Not surprisingly, by the time someone entered the job market s/he was almost close to 30.
Popular culture joined the fray
The famous Satyajit Ray film, Hirok Raajar Deshe
, (In the Kingdom of Diamonds), the plot revolves around two wandering musicians with magic powers who help the persecuted people of a fictional land to get rid of a tyrannical king, subduing the masses and children by stealing their ability to think with the help of a brain control machine.
Naturally, the film could find chords to the then socio-political upheaval in Bangladesh.
Hirok Raja became the rallying point for the young and the intellectual. Late Bangladeshi painter Quamrul Hassan, who had used art to portray the diabolical image of General Yahya Khan, ordering the genocide in 1971, came up once more at the height of the people’s movement in 1989 with another politically charged work called “Desh Aaaj Bishsho Behayar Khoppore” (Country today is in the hands of the king of the shameless).
Overseas obsession and crusaders on the streets
In academia, the environment was restive; the prospect of entering university for higher education was plagued by uncertainty. No one knew when they would actually graduate and enter the job market.
An enticing solution was to take the TOEFL exam and then apply to a US university for a swift and seamless academic life in a cosmopolitan environment. By late 80s, this trend turned into a social frenzy. When the phenomenon began, majority of students came from upper- middle class backgrounds and, from families who earlier had the social reputation of completing education in the country and joining the civil service.
Due to the regular political turmoil, a new path of education opened. Soon, the middle class section also became very much engaged in this social craze, selling land or other possessions to send their young ones to the US. It was US and no other country. The American Center, called the USIS, became the focal point for students completing their high school.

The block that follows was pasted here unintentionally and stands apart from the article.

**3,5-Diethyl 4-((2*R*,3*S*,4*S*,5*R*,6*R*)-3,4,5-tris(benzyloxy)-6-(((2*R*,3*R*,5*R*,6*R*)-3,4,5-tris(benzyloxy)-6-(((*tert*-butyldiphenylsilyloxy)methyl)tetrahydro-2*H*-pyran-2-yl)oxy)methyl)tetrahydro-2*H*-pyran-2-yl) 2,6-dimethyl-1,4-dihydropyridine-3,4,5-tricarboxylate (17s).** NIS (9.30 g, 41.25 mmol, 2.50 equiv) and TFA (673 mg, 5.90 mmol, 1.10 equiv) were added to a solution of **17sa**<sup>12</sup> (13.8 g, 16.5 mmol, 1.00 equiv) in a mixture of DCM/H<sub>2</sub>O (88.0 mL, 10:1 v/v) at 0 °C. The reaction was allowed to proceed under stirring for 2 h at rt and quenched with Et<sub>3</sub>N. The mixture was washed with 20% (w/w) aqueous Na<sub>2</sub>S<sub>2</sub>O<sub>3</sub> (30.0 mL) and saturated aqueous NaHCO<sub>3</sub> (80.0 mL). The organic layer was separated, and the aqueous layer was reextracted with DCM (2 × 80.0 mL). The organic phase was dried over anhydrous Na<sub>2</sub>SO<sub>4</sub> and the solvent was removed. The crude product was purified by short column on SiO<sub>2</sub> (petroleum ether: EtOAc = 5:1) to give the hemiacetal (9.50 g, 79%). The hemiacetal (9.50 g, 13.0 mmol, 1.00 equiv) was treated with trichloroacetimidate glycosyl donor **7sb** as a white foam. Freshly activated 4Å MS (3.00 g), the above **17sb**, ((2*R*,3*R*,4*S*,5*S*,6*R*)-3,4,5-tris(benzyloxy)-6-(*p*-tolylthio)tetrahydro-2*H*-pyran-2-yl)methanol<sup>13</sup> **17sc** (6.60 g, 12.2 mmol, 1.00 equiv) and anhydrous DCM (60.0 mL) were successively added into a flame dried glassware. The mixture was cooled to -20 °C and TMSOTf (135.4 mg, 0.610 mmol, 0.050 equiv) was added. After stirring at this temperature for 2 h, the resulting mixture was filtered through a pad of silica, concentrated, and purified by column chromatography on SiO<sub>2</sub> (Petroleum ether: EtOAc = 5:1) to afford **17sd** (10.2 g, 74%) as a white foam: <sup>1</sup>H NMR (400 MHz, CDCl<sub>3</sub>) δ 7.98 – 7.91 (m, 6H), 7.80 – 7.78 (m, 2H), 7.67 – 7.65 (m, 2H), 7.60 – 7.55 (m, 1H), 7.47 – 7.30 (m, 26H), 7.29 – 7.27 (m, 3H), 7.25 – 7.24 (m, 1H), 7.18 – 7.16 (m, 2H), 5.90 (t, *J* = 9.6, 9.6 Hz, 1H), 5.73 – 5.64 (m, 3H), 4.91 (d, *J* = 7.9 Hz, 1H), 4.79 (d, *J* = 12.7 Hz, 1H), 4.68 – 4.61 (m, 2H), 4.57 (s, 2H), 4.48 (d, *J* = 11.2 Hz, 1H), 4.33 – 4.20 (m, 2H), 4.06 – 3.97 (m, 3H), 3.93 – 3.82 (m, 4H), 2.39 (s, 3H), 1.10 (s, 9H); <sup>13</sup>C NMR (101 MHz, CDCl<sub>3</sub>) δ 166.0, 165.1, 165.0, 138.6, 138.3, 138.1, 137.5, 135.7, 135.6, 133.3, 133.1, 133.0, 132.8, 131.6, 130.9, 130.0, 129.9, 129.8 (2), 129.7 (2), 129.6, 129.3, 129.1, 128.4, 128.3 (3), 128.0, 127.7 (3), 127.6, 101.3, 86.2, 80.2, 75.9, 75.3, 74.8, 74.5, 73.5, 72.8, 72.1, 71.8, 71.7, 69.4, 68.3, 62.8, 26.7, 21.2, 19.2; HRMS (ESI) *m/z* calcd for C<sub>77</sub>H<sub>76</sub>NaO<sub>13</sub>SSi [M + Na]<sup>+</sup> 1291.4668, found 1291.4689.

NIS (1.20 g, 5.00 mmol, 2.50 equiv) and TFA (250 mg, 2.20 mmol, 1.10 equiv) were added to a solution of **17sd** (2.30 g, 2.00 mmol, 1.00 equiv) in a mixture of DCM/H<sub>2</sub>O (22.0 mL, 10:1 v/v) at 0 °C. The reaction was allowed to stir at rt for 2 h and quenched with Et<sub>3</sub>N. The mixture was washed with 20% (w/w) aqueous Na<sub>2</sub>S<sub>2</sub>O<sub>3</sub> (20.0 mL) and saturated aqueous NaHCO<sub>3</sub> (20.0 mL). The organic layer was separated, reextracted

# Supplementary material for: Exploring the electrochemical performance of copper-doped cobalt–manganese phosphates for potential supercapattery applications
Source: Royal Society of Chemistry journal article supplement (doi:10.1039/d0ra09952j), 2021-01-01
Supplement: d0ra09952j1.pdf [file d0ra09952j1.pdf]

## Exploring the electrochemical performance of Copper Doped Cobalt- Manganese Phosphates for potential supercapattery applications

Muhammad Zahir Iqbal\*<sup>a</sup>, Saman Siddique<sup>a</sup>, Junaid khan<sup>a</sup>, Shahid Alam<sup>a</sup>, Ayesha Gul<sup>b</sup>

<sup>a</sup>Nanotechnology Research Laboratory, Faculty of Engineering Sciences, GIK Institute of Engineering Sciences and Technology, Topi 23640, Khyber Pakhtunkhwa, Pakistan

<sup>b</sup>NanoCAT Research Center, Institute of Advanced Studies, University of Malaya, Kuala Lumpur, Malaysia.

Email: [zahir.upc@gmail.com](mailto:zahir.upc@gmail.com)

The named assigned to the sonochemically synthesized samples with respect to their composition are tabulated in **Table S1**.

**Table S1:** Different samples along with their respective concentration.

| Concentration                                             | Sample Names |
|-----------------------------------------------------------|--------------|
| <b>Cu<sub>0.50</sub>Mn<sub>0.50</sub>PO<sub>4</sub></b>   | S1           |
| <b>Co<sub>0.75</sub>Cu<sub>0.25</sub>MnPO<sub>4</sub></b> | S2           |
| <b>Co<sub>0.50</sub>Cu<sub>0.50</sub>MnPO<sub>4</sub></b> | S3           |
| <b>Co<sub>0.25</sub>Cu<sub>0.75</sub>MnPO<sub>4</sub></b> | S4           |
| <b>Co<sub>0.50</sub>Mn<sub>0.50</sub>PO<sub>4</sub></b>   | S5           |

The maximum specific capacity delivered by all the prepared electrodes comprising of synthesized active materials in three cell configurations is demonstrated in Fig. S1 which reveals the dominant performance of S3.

This US-based academic preference which became a sub-culture of sorts with roots to the volatile time in Bangladesh history lasted well into the mid-90s, resulting in countless young men and women going to catch what was then called the “biggest apple of all.”
And those who stayed back to trigger a social and political change saw December 1990 -- a successful end to their long agitation.
Fortunate to be here on Dhaka streets late on the night of December 5, I still recall millions coming out with their household utensils to raise a collective sound of victory. Dhaka was still a city caught in a time warp, cars were limited and the word “jam” only applied to tangled academic sessions in the universities.
Almost three decades later, that night remains etched in mind along with the immortal lines from Satyajit Ray’s movie, “Dori dhore maaro taan, raja hobe khankhan
,” (pull the rope in unison, bring down the statue of the tyrant).
Towheed Feroze is a journalist working in the development sector.